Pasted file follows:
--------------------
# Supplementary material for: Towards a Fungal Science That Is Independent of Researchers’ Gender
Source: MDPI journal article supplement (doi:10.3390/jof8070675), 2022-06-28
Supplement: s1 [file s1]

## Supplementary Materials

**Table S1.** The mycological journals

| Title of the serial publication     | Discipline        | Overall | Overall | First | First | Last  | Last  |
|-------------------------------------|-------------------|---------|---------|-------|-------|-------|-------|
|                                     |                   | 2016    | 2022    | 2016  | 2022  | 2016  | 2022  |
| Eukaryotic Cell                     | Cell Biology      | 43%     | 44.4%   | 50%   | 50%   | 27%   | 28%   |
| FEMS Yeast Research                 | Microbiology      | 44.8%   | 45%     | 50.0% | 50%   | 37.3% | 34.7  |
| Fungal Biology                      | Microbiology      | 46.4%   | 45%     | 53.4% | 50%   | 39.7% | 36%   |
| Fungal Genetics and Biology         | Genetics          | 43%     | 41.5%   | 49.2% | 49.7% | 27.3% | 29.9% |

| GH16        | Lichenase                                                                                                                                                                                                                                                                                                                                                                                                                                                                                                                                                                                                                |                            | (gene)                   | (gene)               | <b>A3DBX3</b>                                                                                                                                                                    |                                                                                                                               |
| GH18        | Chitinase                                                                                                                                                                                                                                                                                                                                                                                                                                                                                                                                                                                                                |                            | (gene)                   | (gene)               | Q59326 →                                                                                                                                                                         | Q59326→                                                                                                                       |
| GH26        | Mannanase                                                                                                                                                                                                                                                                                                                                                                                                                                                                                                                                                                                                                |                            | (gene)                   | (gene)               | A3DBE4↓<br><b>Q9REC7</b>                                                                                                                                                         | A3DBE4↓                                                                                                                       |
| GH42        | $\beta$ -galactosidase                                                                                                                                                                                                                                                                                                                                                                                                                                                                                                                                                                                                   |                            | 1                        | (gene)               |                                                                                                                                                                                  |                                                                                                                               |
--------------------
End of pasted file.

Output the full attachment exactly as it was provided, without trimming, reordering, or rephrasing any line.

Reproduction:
# Supplementary material for: Towards a Fungal Science That Is Independent of Researchers’ Gender
Source: MDPI journal article supplement (doi:10.3390/jof8070675), 2022-06-28
Supplement: s1 [file s1]

## Supplementary Materials

**Table S1.** The mycological journals

| Title of the serial publication     | Discipline        | Overall | Overall | First | First | Last  | Last  |
|-------------------------------------|-------------------|---------|---------|-------|-------|-------|-------|
|                                     |                   | 2016    | 2022    | 2016  | 2022  | 2016  | 2022  |
| Eukaryotic Cell                     | Cell Biology      | 43%     | 44.4%   | 50%   | 50%   | 27%   | 28%   |
| FEMS Yeast Research                 | Microbiology      | 44.8%   | 45%     | 50.0% | 50%   | 37.3% | 34.7  |
| Fungal Biology                      | Microbiology      | 46.4%   | 45%     | 53.4% | 50%   | 39.7% | 36%   |
| Fungal Genetics and Biology         | Genetics          | 43%     | 41.5%   | 49.2% | 49.7% | 27.3% | 29.9% |

| GH16        | Lichenase                                                                                                                                                                                                                                                                                                                                                                                                                                                                                                                                                                                                                |                            | (gene)                   | (gene)               | <b>A3DBX3</b>                                                                                                                                                                    |                                                                                                                               |
| GH18        | Chitinase                                                                                                                                                                                                                                                                                                                                                                                                                                                                                                                                                                                                                |                            | (gene)                   | (gene)               | Q59326 →                                                                                                                                                                         | Q59326→                                                                                                                       |
| GH26        | Mannanase                                                                                                                                                                                                                                                                                                                                                                                                                                                                                                                                                                                                                |                            | (gene)                   | (gene)               | A3DBE4↓<br><b>Q9REC7</b>                                                                                                                                                         | A3DBE4↓                                                                                                                       |
| GH42        | $\beta$ -galactosidase                                                                                                                                                                                                                                                                                                                                                                                                                                                                                                                                                                                                   |                            | 1                        | (gene)               |                                                                                                                                                                                  |                                                                                                                               |